Friday, August 20, 2010
Curlew, "A Beautiful Western Saddle" plus Live DVD
Curlew was one of those genre-defying bands that epitomized the progressive downtown movement in Manhattan in the later '80s-early '90s. They were a big hit at the Knitting Factory and such.
I'll admit I missed most of their output. Had Bee. Liked it well enough. . . . Trouble was I was on a work treadmill that either left me with no time or, alternatively, all-time and no money. I'm not complaining. The go-go eighties made lots of money for a select few. The rest of us worked to death only to find ourselves periodically out on the street, looking for "another situation," as Bartleby the Scrivener might have put it. It got to the point when the talk of the "retirement package" at some of these institutions was a joke. You looked around, you were the oldest person working there and you were 35. Guess what, eventually you were finding yourself seeking more of the same. So perhaps when I hear Curlew, it reminds me of a lot of wasted time. I'm not angry. But I look back and see what the pattern was about, and it had nothing to do with me and whether I worked hard, was great, or mediocre, which I wasn't. It was a game you could not win, no matter what you did. So Curlew is the music of an era that I'd like to forget.
Pardon the digression. A Beautiful Western Saddle, their fifth album from 1993, was the only one that featured songs, with lyrics by Paul Haines (associated with Carla Bley) and vocals admirably handled by Amy Denio. Saddle has been reissued, coupled with a live DVD from 1991. Can't tell you about the DVD because it wasn't part of my promo download.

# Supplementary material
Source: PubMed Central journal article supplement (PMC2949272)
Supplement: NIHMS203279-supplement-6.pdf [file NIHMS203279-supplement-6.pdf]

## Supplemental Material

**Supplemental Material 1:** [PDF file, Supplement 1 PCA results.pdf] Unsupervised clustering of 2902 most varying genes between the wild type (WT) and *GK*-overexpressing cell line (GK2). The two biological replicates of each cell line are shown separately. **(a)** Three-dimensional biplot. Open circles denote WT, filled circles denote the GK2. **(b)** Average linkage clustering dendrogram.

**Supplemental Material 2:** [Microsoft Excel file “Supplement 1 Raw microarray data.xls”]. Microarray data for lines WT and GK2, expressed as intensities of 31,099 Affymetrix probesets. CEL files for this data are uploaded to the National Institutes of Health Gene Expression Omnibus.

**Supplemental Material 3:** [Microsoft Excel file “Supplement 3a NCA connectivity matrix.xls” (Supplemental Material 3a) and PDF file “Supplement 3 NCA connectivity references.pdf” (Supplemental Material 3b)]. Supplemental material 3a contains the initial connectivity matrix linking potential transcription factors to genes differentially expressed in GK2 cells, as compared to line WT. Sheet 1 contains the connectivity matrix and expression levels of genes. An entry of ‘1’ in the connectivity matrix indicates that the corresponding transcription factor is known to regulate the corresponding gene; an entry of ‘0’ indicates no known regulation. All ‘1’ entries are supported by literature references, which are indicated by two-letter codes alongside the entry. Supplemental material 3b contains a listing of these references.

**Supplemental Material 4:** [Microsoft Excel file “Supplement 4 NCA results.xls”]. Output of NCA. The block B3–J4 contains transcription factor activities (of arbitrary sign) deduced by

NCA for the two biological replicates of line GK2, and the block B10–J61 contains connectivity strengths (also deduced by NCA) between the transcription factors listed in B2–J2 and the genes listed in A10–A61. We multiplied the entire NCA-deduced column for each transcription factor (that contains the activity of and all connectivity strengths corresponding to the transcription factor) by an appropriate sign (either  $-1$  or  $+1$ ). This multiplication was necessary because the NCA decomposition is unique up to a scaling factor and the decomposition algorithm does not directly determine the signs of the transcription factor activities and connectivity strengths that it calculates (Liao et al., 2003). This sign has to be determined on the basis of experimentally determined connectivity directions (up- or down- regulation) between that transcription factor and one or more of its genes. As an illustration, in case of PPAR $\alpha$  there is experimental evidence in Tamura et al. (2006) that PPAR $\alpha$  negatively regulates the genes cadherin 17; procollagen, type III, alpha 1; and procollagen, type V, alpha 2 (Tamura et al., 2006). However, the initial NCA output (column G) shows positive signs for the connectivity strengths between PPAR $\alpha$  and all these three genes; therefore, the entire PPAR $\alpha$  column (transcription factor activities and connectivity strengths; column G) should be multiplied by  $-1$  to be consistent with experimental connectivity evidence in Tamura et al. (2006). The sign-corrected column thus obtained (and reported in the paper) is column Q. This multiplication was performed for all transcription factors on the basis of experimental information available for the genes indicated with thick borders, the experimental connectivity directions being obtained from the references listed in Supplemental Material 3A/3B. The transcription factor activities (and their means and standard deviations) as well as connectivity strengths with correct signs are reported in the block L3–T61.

So Curlew, especially on this album, had a kind of genre niche all its own. Avant, electric, there were elements of the prog fringe, free jazzish moments, and, well, songs. Now I hate to say this but Saddle is an album, heard from this distance, that I appreciate more than I like. I don't like it. The songs have the earmarks of the era, and they are art songs certainly. The era saw this sort of thing done by Michael Mantler (especially his albums based on Gorey texts), Carla Bley of course and her various song-oriented works, Zappa in a certain mode, King Crimson, the Golden Palominos, and so forth. Though Curlew have their own take on it all, that take doesn't come through all the time to me as built up from within. More often it sounds imposed from without, a hip veneer that is put on but without a whole lot of conviction. This may be reading too much into it, but that's the vibe I get listening now.
Saddle comes out of that. The songs don't especially ring true to me, sorry to say. Maybe that's why this is the only album they did of this sort. The lyrics are interesting. Some of the songs really work. Some just don't exactly pull together. It's not the vocalist. It's not the group. It's the songs. Now I can imagine there are people out there who have loved this album over the years and welcome its re-release. I'm glad for them. I am also glad to hear it. I think it's quite well crafted. I think its very cool and interesting. But I don't like it. Sorry.